I think it’s good that you are not rushing into marriage until you feel ready, whenever that is, because it seems that many people nowadays rush and make the wrong choice for them and then feel stuck.
    Of, course, it also means you get very picky.. good luck finding a soulmate when you are ready..

    I would like to see polygamy banned not because I don’t believe in it, but because so many women are at men’s mercy because it gives them the upper hand. there are actually women who think they’d better do what he says because he can always take another wife.

    I can’t imagine having to live with that sword hanging over my head. and I wouldn’t wish it on anyone else either

  74. mahmood says:

    Mahmood, how would this invite social chaos? I for one do not care for polygamy – I hope to find ONE wife one day when im older. But who am I, to stop 5 consenting adults from having a sexual-emotional relationship as they see fit? We dont care if a man is a player who promiscously goes after 4 women, or vice versa, thats just being “sexually free”. But god forbid if they get married, because then the sky will fall?

    You’re being pedantic Ibn.

    Yes I agree with you that the value of freedom is above all, but with freedom comes responsibility too, it is this that I was alluding to but did not make clear.

    Having said that, and even though I personally believe that a woman should not have more than one husband, polyandry does exist in some societies and I will not be a judge in condemning their practice, it works for them.

    Your contention that while polygamy is frowned upon however the multiple sexual relationships outside of marriage is condoned by society requires another topic altogether! Essentially however I understand what you’re saying and it does hold a measure of simple truth, it doesn’t make the situation “right” though.

  75. johnster says:

    Ibn,

    What is all this banning business? And why are you so anti-homosexuality? Why do you think that polygamy is like homosexuality? I think that is an interesting link that you have formed in your mind.

    The issue is that you are trying to assess issues from a relativist viewpoint by indicating a number of issues are problematic, therefore they are all OK. But the logic employed in suc arguments is faulty, as witnessed by your following paragraph claining that if polygamy is psychologically unhealthy, then haircuts could be too.

    One point you also made is that if people consent, then it is OK. But of course this is a flawed argument as well. Perhaps a 13 year boy and a 70 year old man consent – is that OK, would you allow your brother to be engaged in such a “relationship”.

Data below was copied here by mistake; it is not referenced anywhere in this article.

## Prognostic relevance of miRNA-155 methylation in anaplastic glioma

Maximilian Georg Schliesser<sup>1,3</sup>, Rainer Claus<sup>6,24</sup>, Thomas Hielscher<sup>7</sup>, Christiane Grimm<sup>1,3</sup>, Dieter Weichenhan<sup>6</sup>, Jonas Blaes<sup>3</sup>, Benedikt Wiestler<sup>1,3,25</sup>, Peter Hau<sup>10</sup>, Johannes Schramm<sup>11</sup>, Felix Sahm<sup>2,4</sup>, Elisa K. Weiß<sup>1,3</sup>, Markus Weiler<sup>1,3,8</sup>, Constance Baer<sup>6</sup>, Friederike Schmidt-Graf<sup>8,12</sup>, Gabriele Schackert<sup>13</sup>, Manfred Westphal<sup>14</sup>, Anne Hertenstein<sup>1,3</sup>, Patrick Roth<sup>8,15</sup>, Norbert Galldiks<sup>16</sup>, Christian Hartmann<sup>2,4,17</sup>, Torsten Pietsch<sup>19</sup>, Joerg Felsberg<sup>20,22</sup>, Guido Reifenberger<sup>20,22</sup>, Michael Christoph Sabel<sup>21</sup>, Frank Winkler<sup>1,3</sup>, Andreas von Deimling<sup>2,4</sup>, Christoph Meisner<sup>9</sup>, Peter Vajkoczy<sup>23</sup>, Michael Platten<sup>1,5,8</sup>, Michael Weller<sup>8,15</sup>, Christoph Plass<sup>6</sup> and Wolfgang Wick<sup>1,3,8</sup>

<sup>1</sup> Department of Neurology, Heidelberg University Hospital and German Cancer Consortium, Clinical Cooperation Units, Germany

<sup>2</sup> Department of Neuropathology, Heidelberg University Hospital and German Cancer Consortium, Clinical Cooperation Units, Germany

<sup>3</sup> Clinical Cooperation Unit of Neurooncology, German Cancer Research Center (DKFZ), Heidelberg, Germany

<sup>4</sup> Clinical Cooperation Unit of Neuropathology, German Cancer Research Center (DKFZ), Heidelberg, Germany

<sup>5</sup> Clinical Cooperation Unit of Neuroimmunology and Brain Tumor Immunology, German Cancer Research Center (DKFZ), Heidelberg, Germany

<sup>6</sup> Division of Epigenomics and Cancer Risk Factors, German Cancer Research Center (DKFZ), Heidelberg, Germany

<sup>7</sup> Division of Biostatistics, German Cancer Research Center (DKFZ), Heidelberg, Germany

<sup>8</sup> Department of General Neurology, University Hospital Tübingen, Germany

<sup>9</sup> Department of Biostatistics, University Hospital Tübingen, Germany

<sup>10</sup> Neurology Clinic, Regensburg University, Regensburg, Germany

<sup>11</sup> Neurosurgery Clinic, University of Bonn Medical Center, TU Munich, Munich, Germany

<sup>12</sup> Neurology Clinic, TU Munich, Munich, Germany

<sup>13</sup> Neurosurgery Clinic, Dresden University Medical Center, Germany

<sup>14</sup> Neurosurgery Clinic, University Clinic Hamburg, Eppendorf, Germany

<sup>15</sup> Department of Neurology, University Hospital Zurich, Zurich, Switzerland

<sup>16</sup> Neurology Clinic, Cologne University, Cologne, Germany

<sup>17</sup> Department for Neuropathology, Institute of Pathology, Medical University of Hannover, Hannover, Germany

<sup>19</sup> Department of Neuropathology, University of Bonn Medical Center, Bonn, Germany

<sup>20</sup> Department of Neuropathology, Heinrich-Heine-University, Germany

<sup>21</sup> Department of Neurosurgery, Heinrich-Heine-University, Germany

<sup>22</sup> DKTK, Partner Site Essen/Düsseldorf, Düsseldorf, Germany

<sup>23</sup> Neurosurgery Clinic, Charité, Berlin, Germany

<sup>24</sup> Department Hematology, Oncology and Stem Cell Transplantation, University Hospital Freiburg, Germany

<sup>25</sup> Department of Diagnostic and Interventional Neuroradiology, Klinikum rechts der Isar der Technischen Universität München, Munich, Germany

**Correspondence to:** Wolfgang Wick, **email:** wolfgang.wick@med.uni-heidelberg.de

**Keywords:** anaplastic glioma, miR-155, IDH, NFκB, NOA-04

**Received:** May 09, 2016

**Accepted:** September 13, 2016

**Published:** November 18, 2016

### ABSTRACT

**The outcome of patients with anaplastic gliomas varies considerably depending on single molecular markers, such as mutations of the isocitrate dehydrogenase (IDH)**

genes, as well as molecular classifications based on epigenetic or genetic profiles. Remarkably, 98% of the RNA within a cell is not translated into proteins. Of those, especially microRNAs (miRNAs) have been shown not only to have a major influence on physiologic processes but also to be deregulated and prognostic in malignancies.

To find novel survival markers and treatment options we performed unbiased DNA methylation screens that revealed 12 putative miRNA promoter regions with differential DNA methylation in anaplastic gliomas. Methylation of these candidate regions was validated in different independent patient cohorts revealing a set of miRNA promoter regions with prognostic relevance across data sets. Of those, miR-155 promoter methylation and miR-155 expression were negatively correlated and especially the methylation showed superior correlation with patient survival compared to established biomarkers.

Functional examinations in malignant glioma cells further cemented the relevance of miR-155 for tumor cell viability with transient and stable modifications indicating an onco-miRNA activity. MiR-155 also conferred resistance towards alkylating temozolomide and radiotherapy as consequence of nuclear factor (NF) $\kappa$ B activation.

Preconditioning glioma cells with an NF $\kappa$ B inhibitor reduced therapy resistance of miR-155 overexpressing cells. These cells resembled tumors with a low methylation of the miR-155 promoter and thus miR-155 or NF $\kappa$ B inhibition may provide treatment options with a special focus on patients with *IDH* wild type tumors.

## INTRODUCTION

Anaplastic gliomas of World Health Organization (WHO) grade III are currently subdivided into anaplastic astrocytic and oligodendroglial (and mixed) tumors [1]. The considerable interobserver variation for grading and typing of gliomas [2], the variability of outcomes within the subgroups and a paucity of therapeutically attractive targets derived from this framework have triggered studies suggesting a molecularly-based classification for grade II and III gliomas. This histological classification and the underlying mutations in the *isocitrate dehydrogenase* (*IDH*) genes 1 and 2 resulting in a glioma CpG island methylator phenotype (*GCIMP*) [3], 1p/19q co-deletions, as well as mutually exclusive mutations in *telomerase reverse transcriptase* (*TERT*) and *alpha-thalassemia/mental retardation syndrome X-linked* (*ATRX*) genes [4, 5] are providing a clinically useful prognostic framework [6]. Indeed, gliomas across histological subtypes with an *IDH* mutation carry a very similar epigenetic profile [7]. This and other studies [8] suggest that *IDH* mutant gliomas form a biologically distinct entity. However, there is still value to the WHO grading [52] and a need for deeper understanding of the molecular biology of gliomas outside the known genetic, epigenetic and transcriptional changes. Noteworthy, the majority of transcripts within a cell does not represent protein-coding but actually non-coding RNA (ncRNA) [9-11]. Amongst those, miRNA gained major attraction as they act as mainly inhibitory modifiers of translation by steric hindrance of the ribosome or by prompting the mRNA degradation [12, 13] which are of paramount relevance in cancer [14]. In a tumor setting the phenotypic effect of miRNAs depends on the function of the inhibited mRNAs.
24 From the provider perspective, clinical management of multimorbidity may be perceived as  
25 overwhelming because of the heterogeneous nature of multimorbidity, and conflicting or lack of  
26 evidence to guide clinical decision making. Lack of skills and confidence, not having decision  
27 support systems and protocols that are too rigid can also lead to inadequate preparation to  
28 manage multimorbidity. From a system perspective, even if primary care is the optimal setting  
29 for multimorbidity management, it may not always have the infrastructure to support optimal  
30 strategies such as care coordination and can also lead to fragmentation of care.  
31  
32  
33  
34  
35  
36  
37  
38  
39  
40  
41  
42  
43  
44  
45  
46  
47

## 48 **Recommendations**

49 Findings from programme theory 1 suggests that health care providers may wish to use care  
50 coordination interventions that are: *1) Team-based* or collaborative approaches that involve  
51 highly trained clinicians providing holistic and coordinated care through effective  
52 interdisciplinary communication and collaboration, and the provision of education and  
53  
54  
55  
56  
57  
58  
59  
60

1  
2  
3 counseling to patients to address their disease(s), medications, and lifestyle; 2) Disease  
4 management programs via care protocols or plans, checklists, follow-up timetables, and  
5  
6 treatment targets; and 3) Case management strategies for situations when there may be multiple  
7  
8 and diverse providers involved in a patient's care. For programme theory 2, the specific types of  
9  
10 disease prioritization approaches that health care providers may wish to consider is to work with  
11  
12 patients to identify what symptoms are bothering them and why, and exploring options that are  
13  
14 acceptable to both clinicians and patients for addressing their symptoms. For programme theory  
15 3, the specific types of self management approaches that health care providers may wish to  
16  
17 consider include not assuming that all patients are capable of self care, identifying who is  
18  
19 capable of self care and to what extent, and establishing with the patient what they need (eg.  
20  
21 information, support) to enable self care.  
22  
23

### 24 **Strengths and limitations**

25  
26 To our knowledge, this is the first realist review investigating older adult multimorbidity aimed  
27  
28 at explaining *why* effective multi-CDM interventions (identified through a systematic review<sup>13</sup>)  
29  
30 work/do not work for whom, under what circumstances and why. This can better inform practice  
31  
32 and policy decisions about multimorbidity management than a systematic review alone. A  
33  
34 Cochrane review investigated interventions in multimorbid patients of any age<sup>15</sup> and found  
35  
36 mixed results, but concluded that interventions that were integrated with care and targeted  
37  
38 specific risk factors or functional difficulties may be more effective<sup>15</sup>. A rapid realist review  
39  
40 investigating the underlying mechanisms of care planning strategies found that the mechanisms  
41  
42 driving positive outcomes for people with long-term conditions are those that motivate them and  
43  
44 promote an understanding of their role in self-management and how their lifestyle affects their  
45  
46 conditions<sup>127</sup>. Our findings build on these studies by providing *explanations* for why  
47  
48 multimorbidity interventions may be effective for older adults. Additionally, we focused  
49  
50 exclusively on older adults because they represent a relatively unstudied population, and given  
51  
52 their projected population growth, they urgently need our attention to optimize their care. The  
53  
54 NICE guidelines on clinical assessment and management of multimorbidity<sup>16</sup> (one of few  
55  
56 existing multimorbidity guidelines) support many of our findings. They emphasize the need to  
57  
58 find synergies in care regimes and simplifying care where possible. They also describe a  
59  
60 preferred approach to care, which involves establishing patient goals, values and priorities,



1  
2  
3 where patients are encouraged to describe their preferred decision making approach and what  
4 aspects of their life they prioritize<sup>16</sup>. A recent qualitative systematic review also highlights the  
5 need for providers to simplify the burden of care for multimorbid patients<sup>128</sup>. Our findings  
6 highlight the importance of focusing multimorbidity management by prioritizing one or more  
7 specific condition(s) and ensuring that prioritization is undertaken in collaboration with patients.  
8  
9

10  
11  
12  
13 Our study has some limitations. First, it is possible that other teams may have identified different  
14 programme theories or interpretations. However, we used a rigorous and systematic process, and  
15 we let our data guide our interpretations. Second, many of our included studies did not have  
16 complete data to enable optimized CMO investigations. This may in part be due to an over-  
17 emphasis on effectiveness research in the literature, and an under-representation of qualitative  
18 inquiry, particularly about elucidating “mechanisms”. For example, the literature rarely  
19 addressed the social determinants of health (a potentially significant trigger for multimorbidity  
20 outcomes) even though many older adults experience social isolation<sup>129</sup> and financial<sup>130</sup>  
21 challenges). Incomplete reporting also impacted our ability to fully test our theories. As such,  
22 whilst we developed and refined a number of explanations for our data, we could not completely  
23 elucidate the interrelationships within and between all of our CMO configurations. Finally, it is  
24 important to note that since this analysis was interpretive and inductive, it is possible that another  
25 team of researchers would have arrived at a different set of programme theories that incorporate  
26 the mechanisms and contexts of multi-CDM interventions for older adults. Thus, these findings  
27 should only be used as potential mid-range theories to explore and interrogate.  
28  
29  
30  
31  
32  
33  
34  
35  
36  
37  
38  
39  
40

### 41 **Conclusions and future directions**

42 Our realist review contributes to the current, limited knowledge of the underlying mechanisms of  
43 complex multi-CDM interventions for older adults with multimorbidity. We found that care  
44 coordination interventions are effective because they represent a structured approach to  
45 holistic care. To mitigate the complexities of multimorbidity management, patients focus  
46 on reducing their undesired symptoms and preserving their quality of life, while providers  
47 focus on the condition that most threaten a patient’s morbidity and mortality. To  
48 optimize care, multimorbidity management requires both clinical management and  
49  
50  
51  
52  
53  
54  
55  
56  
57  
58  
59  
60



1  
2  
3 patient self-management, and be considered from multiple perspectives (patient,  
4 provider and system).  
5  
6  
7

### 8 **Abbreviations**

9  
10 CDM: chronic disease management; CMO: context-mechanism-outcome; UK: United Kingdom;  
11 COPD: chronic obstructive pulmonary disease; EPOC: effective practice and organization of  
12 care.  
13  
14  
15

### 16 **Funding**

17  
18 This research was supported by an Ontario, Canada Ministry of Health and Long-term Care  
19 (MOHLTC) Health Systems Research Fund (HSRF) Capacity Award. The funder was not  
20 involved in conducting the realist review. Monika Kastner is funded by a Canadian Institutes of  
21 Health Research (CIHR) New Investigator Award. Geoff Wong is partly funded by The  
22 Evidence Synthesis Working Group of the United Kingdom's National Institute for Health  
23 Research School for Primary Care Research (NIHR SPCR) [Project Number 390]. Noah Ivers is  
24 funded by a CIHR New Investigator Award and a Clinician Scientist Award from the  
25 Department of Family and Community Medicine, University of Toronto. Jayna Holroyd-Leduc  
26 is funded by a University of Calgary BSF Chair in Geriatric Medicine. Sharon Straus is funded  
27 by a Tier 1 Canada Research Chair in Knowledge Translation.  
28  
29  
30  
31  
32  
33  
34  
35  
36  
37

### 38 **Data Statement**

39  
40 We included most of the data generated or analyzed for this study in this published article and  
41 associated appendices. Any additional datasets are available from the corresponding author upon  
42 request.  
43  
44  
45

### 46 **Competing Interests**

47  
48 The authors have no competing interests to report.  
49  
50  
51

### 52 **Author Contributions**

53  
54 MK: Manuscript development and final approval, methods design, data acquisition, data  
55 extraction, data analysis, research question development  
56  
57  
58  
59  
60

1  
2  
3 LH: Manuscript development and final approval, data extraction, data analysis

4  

No, we don’t nanny adults but what do we do if adults behave as children?

  76. Ibn says:

    CWTN,

    fair and equal does not = free
    fair and equal means everyone’s rights are upheld, basic rights , not absolute freedoms. free means I can do what I want and does not make allowances for other people’s freedoms and rights.free means no laws and regulations. fair means laws are there to ensure rights are not lost.

    Ok, this is now come to hair-splitting. CWTN, the common nomenclature today regarding countries where there is more or less “fair and equal” treatment of its citizenry, are what are referred to as “free countries”. Thats the definition I am using. So agian, like I said, when I said “free countries”, the meaning behind that is the exact same as yours when you say “equal and fair” treatment.

    I think that marriage is a very sacred partnership which requires a lot of hard work and honesty and privacy in order to be wonderful. It’s a promise to share your soul with one person for the rest of your life and put them before yourself. you cant have that with too much traffic.

    So dont polygamize.

    the world is not black and white and marrying four wives is not the righteous alternative to promiscuity, it is the disrespectful alternative to monogamy.

    So dont polygamize.

    I don’t think that a man marrying four women imples anything about women in general, it just implies that his first wife does not fulfill all his needs whatever they are, social, psychological, emotional, sexual, whatever, as well as he would like them to be satisfied. and that is not very nice for any one to be made to feel, whether male or female.

    So dont polygamize.

    … See, CWTN – you give me all those explanations about how and why polygamy is evil incarnate, (which it just might be), how you would hate it, how you think its unfair, and how you think its exploitation of women, and all the rest.

    So my dear, dont do it then! 🙂 You see, no one is forcing you to do it. Just the same as you should not force someone else to not do it.

    CWTN, there are so many examples in life of so many things in life that appear utterly disgusting and unfair to us, things we would never do, yet other people do want to do them, and its their business, so long as they do not violate our rights in the process.

    When the law allows polygamy, however, that means that it acknowledges that the man might have unmet needs and gives him the right to fulfil them, while not acknowledging the woman’s same needs or giving her recourse

    Please do not confuse the motivation behind the law, with the actual law itself CWTN. The motivation behind that law might have been what you mentioned above. Fine. But what is its effect? Its effect is simply to allow polygamous marriages.